by clicking the arrows at the side of the page, or by using the toolbar.
by clicking anywhere on the page.
by dragging the page around when zoomed in.
by clicking anywhere on the page when zoomed in.
web sites or send emails by clicking on hyperlinks.
Email this page to a friend
Search this issue
Index - jump to page or section
Archive - view past issues
Golf Australia Express : OTG Express 169
RECENTLY I had the good fortune to spend a few minutes chatting with a golf industry person outside the normally hectic tournament or function environment. It was a rare opportunity to sit and actually talk instead of exchanging rushed greetings as our busy paths crossed briefly. It was during this conversation that I revealed, with pride, that for five years running I have played more than 100 rounds of golf. The look I received in reaction was startled to say the least. OK, I had to qualify the statement by saying almost half of those rounds are played at my home club on Saturdays, much like most Australian golfers, and that naturally my job allows me to play midweek golf more often than most. But my colleague, knowing I am married with two young children, was astonished at the frequency of my play. A nod most definitely needs to go to my wife, who understood from the moment we met that – unless a family commitment intervened – I would be playing golf every Saturday until they put me in the ground. However, during 15 years in the golf media, I have formed a theory that the closer you work to a golf course, the less likely you are to play it. Think about it: club pros on the whole rarely play their own course. General managers even less so – perhaps, I suspect, because many don’t want to deal with the inevitable looks or jibes from members as to why they’re on the course and not in the office. I remember visiting a club at which the golf-loving GM had been working for six months or longer. I asked him casually what he thought of the layout, to which he responded, “I have no idea. I haven’t played it yet.” So it was refreshing to visit a club recently and play with both the head pro and general manager and learn that they play most Wednesdays and that their membership embraces it. The GM will arrive early that day, perhaps 6am, work until midday before teeing off in one of the last groups in the competition field, perhaps to return to the office after the round. It was an eye-opener as to what was possible, yet this situation should be the rule rather than the exception. In an industry where we are trying to drive play – particularly during what is ‘Golf Month’ – those of us working in golf should be leading by example. After all, if we can’t manage to play more, how can we expect others to? I understand that some club pros have fallen out of love with golf and that years spent on Tour when playing the game was truly a ‘job’ removed any lingering desire to play socially. Likewise, some general managers are administrators first and only occasional golfers, if golfers at all. But I would argue that a monthly (at minimum) round on their course is essential to experience what golfers do and to see the layout from their perspective. From a member’s point of view, some of the onus lies with us. Next time you see the pro or GM of your club on the course, don’t resort to the obvious, knee- jerk reaction of, “Why isn’t he/she in the pro shop/office?” and instead applaud the move. We won’t get more golfers playing more golf if the people within the industry don’t show the way. OTG the VIEW LEADING THE WAY AS ‘GOLF MONTH’ CLOSES, INCREASED PARTICIPATION STARTS WITH AN INDUSTRY THAT SETS THE EXAMPLE. by Steve Keipert Golf Australia deputy editor Awarded #1 Overall Winner in the ‘2015 MyGolfSpy Most Wanted Driver Awards’ # 1 MOST WANTED DRIVER 2015 LEARN MORE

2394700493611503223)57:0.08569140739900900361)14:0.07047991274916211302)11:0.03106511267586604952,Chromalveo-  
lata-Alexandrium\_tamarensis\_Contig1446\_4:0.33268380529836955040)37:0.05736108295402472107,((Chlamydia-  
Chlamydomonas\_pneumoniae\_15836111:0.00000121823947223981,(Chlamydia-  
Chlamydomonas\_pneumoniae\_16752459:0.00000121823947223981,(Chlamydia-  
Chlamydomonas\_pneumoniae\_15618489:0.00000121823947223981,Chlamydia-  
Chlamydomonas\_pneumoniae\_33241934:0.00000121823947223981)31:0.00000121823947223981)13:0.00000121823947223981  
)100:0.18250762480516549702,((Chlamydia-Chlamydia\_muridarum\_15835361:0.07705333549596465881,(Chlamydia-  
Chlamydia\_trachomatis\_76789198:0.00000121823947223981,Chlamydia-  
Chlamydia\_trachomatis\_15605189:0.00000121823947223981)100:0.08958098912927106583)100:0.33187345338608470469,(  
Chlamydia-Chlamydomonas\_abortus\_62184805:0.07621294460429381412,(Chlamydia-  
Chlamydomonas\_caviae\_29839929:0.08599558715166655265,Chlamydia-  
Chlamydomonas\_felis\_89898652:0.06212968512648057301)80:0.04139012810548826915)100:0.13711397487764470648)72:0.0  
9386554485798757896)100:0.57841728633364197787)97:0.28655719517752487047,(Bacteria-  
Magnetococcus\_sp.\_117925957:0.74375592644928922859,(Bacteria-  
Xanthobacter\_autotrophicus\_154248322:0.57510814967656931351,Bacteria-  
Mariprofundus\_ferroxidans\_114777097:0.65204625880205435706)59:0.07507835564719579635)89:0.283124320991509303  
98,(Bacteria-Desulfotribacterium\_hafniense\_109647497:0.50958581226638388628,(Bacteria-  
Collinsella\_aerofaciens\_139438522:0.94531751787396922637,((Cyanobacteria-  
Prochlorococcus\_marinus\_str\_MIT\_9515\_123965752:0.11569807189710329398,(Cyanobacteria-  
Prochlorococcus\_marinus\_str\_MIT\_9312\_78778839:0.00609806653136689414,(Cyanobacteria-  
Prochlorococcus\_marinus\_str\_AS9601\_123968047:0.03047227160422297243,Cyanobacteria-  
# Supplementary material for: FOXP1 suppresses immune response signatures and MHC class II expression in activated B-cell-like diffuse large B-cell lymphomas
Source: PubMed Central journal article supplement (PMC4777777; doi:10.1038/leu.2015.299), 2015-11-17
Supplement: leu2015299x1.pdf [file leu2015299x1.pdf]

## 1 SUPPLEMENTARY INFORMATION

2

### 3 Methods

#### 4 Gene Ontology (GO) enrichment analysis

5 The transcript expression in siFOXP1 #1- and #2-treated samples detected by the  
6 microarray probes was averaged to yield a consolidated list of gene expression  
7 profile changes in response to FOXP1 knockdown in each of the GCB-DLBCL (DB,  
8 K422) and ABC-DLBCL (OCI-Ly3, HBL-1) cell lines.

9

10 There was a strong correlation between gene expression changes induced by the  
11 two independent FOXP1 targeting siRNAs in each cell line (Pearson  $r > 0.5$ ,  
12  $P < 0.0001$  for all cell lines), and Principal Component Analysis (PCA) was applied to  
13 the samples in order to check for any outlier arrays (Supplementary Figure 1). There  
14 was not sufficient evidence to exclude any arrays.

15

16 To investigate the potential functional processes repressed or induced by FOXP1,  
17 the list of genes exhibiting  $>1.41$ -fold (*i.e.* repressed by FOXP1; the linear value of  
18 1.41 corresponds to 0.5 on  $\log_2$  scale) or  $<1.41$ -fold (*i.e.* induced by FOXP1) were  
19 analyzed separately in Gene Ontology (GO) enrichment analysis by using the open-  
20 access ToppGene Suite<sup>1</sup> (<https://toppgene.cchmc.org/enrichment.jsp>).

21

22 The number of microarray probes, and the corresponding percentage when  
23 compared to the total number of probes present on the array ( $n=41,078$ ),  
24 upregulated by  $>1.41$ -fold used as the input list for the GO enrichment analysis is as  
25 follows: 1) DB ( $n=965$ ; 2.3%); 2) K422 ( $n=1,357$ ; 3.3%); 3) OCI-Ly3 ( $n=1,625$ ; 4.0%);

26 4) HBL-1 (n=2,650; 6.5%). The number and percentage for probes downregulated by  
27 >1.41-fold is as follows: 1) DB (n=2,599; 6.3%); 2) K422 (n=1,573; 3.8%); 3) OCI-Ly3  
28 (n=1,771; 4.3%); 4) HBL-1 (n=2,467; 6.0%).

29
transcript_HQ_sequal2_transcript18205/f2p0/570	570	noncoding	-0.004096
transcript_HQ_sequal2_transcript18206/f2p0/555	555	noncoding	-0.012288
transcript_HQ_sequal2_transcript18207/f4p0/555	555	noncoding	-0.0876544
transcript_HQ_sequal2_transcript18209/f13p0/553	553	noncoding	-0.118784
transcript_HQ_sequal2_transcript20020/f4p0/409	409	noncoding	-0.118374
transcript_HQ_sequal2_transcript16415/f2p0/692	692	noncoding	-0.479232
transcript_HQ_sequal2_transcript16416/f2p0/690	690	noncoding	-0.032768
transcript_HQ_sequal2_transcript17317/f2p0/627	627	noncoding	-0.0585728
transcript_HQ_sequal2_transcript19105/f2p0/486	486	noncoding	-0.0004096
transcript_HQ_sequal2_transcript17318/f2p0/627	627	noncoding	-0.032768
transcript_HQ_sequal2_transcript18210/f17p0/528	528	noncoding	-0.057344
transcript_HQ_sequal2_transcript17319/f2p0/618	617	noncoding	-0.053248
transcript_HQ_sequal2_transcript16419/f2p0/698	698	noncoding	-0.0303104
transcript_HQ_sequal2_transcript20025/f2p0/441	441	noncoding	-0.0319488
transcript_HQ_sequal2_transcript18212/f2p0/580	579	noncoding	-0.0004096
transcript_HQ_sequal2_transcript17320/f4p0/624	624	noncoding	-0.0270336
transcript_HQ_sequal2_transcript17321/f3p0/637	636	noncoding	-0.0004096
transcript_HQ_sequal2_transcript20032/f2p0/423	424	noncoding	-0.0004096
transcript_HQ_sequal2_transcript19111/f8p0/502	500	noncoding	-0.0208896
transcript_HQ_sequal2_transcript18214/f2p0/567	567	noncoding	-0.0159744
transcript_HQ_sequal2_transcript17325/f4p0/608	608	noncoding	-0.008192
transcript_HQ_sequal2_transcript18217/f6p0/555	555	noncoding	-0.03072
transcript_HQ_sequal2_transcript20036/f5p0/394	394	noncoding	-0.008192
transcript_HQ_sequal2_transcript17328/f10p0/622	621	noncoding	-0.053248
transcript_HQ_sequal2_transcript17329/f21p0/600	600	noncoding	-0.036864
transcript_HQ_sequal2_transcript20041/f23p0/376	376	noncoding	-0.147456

OTG Express 168
OTG Express 170